How Are You Growing and Developing?


Here in my 36th year as an educator, I’m more energized and enthused now than I was earlier in my career. I believe it’s due to the variety of opportunities to grow and develop available to me. Technology has also provided me with tools to connect and learn from others by giving me a PLC through social media and the ability to connect virtually and in person with them.

This week I brainstormed a list of ways I grow and develop professionally and personally. This list is not meant to be exhaustive of potential opportunities, rather my list contains ways I’m currently most engaged in my growth and development.

My list contains social media (Twitter, Voxer, Facebook, Instagram) and in person connections; attending local, state, and national conferences; reading for pleasure and professional growth (blogs, social media posts, articles, children’s books, leadership books); spending time exploring my passions (cooking, traveling, coding, robotics); involvement in my state principals’ association; engaging in professional development at the building, district, and state levels; attending EdCamps; participating in Webinars; listening to podcasts; and reflecting by blogging. What’s on your list?

Reflecting and writing down my professional growth opportunities, it’s no wonder sometimes I feel scattered and that I’ve got my hands in a variety of activities, because I do! I just remember these growth opportunities keep me supplied with ideas, mentors, and ways to keep becoming a better principal.

Find what you’re passionate about, connect with others, and remember growing and developing is a step by step journey. I had to learn to take my own journey and not try to copy someone else’s. Sometimes it was challenging but also turned out to be more rewarding for me.


“Hello, this is the Principal Calling.”


In the summer of 2015, I (Mark) was participating in a Twitter chat and was impressed when a teacher shared that she made a positive phone call home for one of her students every day. I thought, in my school I have 750 students and can certainly find one student a day deserving of a positive phone call home, thus #GoodNewsCallOfTheDay was born. That year (2015-2016) I created a spreadsheet and tracked my 130 different positive phone calls. Actually, I made more than 130 calls, I selected 130 different students that year. For some students I called both parents or other family members, whoever they wanted me to call. I also took a selfie with the student and shared the photo and reason for the call on social media. The following year (2016-2017) I continued my #GoodNewsCallOfTheDay making calls for 135 different students that year. I continued with the selfie and sharing on social media and I bought #GoodNewsCallOfTheDay wrist bands to give each student for them to remember and show others. This has turned out to be a powerful practice taking less than 15 minutes each day and using an easy technology tool, the telephone. Making my positive phone call home is the best part of my day.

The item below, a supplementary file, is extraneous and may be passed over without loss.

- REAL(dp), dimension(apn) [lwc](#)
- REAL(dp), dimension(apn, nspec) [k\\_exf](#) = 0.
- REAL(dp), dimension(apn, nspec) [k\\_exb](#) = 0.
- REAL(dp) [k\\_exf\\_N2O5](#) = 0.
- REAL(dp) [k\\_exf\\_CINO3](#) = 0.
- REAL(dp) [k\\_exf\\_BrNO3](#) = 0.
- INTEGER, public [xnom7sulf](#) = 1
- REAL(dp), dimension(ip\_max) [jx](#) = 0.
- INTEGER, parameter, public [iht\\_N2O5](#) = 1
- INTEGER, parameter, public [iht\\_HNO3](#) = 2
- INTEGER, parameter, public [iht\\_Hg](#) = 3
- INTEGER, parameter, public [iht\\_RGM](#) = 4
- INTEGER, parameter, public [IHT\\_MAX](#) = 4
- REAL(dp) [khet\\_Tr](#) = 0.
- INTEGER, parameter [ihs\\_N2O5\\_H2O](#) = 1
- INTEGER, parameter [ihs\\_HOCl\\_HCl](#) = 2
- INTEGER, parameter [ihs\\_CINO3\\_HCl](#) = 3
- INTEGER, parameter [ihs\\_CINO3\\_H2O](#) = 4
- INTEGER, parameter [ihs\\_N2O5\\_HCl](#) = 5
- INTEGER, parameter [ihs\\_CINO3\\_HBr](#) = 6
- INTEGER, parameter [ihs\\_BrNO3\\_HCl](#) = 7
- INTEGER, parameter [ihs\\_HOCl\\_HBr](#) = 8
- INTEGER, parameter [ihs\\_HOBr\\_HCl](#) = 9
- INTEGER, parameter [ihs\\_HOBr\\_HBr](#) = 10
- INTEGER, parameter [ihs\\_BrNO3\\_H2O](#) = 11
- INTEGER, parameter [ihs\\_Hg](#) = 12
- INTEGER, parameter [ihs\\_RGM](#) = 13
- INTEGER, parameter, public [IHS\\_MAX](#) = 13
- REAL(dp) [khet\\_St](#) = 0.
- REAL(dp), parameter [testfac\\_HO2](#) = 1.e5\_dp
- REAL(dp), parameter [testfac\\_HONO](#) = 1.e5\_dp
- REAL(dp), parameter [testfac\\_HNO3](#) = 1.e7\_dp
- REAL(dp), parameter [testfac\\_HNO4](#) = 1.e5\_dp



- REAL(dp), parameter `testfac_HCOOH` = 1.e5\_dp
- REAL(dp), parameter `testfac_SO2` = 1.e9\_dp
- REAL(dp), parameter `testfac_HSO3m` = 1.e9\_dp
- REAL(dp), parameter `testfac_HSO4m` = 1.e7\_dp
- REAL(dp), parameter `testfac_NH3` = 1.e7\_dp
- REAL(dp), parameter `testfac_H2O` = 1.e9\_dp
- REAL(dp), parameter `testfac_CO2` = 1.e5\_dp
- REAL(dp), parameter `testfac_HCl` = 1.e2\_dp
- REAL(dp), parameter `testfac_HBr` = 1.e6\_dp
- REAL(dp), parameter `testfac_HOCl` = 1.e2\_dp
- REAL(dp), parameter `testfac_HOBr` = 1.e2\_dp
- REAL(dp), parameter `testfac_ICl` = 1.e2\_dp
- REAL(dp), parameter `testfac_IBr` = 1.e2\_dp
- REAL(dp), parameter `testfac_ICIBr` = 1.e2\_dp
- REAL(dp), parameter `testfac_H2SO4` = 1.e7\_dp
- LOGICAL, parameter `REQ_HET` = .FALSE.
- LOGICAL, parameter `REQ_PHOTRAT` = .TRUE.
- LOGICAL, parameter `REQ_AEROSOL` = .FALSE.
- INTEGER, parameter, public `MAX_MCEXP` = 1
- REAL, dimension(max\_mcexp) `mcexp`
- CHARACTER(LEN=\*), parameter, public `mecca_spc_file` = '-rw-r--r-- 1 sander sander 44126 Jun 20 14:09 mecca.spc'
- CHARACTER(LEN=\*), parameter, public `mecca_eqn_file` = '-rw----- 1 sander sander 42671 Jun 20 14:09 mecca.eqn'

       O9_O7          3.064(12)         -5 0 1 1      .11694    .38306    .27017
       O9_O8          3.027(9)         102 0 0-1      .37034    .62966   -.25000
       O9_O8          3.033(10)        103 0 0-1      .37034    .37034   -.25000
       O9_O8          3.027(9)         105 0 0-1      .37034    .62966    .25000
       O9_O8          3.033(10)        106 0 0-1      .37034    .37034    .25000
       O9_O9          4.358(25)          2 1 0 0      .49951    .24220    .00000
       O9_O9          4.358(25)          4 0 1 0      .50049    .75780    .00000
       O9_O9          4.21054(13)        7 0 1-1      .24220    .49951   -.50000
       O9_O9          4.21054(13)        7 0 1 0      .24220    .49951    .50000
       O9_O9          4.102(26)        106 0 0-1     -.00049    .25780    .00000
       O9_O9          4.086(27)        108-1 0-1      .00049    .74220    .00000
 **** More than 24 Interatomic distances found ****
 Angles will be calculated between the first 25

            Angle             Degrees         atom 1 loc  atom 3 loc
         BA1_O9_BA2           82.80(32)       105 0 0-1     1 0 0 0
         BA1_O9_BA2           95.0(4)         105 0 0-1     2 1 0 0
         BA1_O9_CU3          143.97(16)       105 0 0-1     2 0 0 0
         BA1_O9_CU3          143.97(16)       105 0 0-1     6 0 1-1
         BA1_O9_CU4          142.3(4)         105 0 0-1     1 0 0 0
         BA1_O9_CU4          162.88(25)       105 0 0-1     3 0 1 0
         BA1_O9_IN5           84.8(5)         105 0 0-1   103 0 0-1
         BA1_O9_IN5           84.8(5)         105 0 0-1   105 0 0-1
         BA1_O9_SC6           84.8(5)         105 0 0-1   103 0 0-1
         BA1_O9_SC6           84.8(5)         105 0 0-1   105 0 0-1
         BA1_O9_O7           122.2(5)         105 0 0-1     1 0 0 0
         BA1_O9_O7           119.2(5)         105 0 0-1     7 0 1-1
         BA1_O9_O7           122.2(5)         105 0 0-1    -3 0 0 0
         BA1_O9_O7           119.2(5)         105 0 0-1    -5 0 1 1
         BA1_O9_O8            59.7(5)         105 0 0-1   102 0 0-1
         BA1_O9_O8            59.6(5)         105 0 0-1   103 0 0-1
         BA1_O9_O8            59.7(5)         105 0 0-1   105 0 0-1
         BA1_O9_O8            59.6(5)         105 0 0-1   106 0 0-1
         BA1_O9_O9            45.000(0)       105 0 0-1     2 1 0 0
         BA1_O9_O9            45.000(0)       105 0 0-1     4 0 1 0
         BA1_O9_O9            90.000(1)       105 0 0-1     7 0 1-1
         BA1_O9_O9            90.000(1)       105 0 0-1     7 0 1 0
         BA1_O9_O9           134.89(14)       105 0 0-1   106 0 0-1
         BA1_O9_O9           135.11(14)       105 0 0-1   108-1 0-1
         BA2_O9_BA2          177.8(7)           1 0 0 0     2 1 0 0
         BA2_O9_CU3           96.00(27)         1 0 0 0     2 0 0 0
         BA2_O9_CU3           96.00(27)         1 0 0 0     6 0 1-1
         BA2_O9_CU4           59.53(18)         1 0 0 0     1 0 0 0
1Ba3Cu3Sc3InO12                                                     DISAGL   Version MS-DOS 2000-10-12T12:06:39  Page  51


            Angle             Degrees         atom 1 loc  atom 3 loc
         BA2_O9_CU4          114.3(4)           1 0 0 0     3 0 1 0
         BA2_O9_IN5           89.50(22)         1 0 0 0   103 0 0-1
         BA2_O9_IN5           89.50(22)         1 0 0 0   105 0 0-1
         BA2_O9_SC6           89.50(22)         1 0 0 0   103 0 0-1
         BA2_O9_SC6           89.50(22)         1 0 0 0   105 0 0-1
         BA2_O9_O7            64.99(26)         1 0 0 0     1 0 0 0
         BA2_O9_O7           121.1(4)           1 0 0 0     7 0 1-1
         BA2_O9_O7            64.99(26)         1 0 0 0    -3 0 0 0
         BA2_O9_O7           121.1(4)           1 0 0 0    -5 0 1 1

During the 2016-2017 school year, I (Jay) had a goal similar to Mark’s – make one positive phone call home. I failed miserably except for one beautiful Friday in April. I had every teacher provide me with at least one student and made phone calls most of the day on that Friday. It was one of the highlights of the year for me and, more importantly, it made our kids and their families feel good. After a summer of learning and challenges by #principalsinaction, I renewed my goal of making a #GoodNewsCallOfTheDay but with a little bit of a twist. I meet with our grade level teams every Thursday and one of our agenda items is to provide me with a name of a student to receive a #GoodNewsCallOfTheDay. Those not on grade level teams have also provided me with names. If there are any “extra” names, I encourage the teachers to make the calls themselves as it’s a great way to build positive relationships with families. This week I added one more twist as I asked staff to nominate a colleague for a #GoodNewsCallOfTheDay. They did, I called the husband of the teacher, and the three of us had a really good cry. The relationships fostered by sharing good news to a student or staff member’s family cannot be underestimated.

When I (Ryan) became a vice principal of a high school, I knew that I needed to do something to make sure that I wasn’t only calling home for discipline issues or problems. I needed to get parents and students to understand that we care about the positive things that are going on as well. Thinking back to the first call I made, the parents were shocked. I had chosen a student that had been in trouble before, but on this day made a great decision and helped out a student who was down on their luck. As soon as I caught him doing something good, I jumped at the opportunity to spread the joy. As I transitioned into becoming an elementary school principal, calling home for good things was a must. These phone calls have established positive relationships with parents and with students.

You can check out the Twitter hashtag #GoodNewsCallOfTheDay to see other educators making positive phone calls and smiling students. Make it a practice to share the positive and recognize the good things happening in your school. Remember, If you’re not telling your school’s story, someone else will.

Trust Your Gut


Call it your gut, instinct, intuition, or conscience, that little voice you hear is worth paying attention to.